M. Abramowitz and I. A. Stegun, eds., Handbook of Mathematical Functions, National Bureau of Standards Applied Math. Series 55, 1964 (and various reprintings), p. 833.
A. T. Benjamin and J. J. Quinn, Proofs that really count: the art of combinatorial proof, M.A.A. 2003, id. 125; also p. 90, ex. 3.
Diaconis, Persi, The distribution of leading digits and uniform distribution mod 1, Ann. Probability, 5, 1977, 7281,
Douglas R. Hofstadter, Fluid concepts & creative analogies: computer models of the fundamental mechanisms of thought, Basic Books, 1995, pages 4446.
A. N. Khovanskii. The Application of Continued Fractions and Their Generalizations to Problem in Approximation Theory. Groningen: Noordhoff, Netherlands, 1963. See p. 141 (10.19).
D. E. Knuth, The Art of Computer Programming, Vol. 3, Section 5.1.2, p. 23. [From N. J. A. Sloane, Apr 07 2014]
J.M. De Koninck & A. Mercier, 1001 Problèmes en Théorie Classique des Nombres, Problème 693 pp. 90, 297, Ellipses Paris 2004.
A. P. Prudnikov, Yu. A. Brychkov and O. I. Marichev, "Integrals and Series", Volume 1: "Elementary Functions", Chapter 4: "Finite Sums", New York, Gordon and Breach Science Publishers, 19861992.
R. W. Robinson, Counting arrangements of bishops, pp. 198214 of Combinatorial Mathematics IV (Adelaide 1975), Lect. Notes Math., 560 (1976).
Sepher Yezirah [Book of Creation], circa AD 300. See verse 52.
N. J. A. Sloane, A Handbook of Integer Sequences, Academic Press, 1973 (includes this sequence).
N. J. A. Sloane and Simon Plouffe, The Encyclopedia of Integer Sequences, Academic Press, 1995 (includes this sequence).
D. Stanton and D. White, Constructive Combinatorics, Springer, 1986; see p. 91.
Carlo Suares, Sepher Yetsira, Shambhala Publications, 1976. See verse 52.
David Wells, The Penguin Dictionary of Curious and Interesting Numbers, Penguin Books, 1987, pp. 102.


LINKS

M. Abramowitz and I. A. Stegun, eds., Handbook of Mathematical Functions, National Bureau of Standards, Applied Math. Series 55, Tenth Printing, 1972 [alternative scanned copy].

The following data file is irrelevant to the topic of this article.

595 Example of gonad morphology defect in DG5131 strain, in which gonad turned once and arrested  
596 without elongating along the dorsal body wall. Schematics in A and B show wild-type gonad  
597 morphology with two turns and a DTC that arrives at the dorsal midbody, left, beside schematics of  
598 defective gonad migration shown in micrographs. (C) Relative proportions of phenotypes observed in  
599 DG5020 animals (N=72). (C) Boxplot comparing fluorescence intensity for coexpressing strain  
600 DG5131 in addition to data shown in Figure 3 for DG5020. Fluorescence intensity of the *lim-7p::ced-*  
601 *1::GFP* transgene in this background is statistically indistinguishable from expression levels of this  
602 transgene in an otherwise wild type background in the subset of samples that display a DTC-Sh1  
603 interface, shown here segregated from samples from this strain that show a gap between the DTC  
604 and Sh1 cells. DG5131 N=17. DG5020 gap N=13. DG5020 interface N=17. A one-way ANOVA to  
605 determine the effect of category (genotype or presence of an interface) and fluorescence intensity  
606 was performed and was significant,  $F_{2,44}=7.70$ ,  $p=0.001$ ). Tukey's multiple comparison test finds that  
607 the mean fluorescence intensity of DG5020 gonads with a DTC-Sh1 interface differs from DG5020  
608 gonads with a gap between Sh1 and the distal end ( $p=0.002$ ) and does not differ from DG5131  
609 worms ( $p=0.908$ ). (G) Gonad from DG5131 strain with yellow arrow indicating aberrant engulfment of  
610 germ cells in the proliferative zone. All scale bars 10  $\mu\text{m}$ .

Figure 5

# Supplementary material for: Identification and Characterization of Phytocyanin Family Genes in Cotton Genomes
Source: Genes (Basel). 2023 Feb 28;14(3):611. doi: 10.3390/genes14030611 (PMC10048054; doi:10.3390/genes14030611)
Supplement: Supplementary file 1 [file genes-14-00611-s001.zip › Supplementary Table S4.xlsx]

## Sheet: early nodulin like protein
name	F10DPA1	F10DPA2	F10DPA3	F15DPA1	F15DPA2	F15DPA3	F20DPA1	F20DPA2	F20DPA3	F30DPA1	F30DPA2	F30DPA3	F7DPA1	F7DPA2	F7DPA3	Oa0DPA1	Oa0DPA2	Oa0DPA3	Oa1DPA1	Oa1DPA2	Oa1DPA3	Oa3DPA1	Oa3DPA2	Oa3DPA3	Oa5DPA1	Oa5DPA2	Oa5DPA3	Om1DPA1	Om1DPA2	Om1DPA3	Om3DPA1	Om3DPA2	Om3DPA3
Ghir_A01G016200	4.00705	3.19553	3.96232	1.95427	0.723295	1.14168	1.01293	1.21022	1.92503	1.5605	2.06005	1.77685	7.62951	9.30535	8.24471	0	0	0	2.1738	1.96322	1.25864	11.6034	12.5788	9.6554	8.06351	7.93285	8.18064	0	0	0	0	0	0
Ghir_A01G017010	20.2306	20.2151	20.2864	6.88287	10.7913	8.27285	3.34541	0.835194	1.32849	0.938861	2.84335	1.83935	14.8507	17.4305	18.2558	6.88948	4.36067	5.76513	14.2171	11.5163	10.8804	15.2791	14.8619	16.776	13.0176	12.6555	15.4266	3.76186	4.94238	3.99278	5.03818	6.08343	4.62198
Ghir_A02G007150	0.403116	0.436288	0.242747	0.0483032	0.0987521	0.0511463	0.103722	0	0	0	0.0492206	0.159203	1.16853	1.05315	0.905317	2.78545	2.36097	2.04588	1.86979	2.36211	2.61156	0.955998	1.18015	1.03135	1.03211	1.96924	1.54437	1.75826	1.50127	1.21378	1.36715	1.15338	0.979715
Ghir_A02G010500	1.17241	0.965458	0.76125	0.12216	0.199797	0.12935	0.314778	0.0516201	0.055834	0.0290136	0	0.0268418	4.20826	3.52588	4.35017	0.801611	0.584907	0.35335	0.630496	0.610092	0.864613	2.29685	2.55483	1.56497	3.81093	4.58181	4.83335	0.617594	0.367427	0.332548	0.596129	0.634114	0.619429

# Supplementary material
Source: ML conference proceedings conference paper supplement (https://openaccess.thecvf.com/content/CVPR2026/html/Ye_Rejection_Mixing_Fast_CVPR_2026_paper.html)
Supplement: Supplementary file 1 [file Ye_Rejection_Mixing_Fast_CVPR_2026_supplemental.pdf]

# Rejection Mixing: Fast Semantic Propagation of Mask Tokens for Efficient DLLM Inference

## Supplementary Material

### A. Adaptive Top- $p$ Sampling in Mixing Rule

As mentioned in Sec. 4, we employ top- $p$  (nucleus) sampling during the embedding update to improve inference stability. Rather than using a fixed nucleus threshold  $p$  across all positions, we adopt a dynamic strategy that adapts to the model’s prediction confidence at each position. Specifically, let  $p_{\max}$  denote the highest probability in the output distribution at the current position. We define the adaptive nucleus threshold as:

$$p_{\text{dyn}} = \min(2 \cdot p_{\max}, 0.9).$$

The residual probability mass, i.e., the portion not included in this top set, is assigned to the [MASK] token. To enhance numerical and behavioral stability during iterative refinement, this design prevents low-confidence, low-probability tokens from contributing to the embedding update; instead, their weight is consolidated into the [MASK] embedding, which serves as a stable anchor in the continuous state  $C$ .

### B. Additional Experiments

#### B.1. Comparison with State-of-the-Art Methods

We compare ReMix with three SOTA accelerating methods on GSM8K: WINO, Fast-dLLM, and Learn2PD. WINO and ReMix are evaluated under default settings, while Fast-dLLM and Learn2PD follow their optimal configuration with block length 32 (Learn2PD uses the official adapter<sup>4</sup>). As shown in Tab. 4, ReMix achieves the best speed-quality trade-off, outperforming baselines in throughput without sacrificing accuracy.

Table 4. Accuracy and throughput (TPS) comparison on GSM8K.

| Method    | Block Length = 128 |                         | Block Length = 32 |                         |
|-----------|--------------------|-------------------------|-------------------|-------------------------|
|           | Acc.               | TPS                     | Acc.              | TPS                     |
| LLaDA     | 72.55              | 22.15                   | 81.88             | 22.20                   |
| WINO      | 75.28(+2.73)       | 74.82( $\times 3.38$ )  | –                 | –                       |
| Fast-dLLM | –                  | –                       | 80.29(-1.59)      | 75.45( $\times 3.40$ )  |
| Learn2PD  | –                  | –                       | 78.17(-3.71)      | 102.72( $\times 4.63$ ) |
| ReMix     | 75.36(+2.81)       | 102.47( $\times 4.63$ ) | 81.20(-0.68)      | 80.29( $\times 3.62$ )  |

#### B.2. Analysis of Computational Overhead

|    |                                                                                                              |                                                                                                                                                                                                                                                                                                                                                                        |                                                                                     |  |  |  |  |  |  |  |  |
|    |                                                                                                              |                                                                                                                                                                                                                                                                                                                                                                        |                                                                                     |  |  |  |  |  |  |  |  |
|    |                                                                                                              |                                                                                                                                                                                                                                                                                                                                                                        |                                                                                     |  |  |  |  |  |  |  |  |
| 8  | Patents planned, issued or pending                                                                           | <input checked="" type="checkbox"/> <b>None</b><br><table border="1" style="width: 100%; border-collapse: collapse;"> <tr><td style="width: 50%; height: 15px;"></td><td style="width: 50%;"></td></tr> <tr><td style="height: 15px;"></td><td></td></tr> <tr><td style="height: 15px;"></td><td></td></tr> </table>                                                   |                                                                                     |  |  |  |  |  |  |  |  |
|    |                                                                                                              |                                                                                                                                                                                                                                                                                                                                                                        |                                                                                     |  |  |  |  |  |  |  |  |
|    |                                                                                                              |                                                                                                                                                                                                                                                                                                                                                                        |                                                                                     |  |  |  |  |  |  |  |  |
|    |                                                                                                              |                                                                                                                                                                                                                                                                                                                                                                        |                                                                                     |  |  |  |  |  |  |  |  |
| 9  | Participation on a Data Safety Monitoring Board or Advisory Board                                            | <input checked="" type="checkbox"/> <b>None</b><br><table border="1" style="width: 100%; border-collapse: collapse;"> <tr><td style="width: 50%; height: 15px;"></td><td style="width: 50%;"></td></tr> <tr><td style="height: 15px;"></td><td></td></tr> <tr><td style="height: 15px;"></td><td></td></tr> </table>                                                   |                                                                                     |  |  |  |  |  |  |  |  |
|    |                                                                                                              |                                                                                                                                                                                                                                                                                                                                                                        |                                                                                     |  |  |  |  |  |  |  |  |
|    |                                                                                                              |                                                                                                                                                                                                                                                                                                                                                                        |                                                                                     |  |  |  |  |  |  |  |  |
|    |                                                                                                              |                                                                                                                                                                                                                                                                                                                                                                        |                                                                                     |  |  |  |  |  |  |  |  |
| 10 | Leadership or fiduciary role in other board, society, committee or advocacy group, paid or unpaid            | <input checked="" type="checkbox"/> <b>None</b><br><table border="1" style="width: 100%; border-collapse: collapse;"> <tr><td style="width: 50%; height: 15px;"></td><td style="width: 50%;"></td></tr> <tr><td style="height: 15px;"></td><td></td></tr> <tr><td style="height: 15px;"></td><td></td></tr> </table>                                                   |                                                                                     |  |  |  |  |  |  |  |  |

FORMULA

Sum_{i=0..n} (1)^i * i^n * binomial(n, i) = (1)^n * n!.  Yong Kong (ykong(AT)curagen.com), Dec 26 2000
Sum_{i=0..n} (1)^i * (ni)^n * binomial(n, i) = n!.  Peter C. Heinig (algorithms(AT)gmx.de), Apr 10 2007
The sequence trivially satisfies the recurrence a(n+1) = Sum_{k=0..n} binomial(n,k) * a(k)*a(nk).  Robert FERREOL, Dec 05 2009
Dfinite with recurrence: a(n) = n*a(n1), n >= 1. n! ~ sqrt(2*Pi) * n^(n+1/2) / e^n (Stirling's approximation).
a(0) = 1, a(n) = subs(x = 1, (d^n/dx^n)(1/(2x))), n = 1, 2, ...  Karol A. Penson, Nov 12 2001
a(n) = Sum_{k=0..n} (1)^(nk)*A000522(k)*binomial(n, k) = Sum_{k=0..n} (1)^(nk)*(x+k)^n*binomial(n, k).  Philippe Deléham, Jul 08 2004
a(n) = Sum_{i=1..n} ((1)^(i1) * sum of 1..n taken n  i at a time)  e.g., 4! = (1*2*3 + 1*2*4 + 1*3*4 + 2*3*4)  (1*2 + 1*3 + 1*4 + 2*3 + 2*4 + 3*4) + (1 + 2 + 3 + 4)  1 = (6 + 8 + 12 + 24)  (2 + 3 + 4 + 6 + 8 + 12) + 10  1 = 50  35 + 10  1 = 24.  Jon Perry, Nov 14 2005
a(n) = (n1)*(a(n1) + a(n2)), n >= 2.  Matthew J. White, Feb 21 2006
1 / a(n) = determinant of matrix whose (i,j) entry is (i+j)!/(i!(j+1)!) for n > 0. This is a matrix with Catalan numbers on the diagonal.  Alexander Adamchuk, Jul 04 2006
For n >= 2, a(n2) = (1)^n*Sum_{j=0..n1} (j+1)*Stirling1(n,j+1).  Milan Janjic, Dec 14 2008
G.f.: 1/(1xx^2/(13x4x^2/(15x9x^2/(17x16x^2/(19x25x^2... (continued fraction), hence Hankel transform is A055209.
G.f. of (n+1)! is 1/(12x2x^2/(14x6x^2/(16x12x^2/(18x20x^2... (continued fraction), hence Hankel transform is A059332. (End)
a(n) = Product_{p prime} p^(Sum_{k > 0} floor(n/p^k)) by Legendre's formula for the highest power of a prime dividing n!.  Jonathan Sondow, Jul 24 2009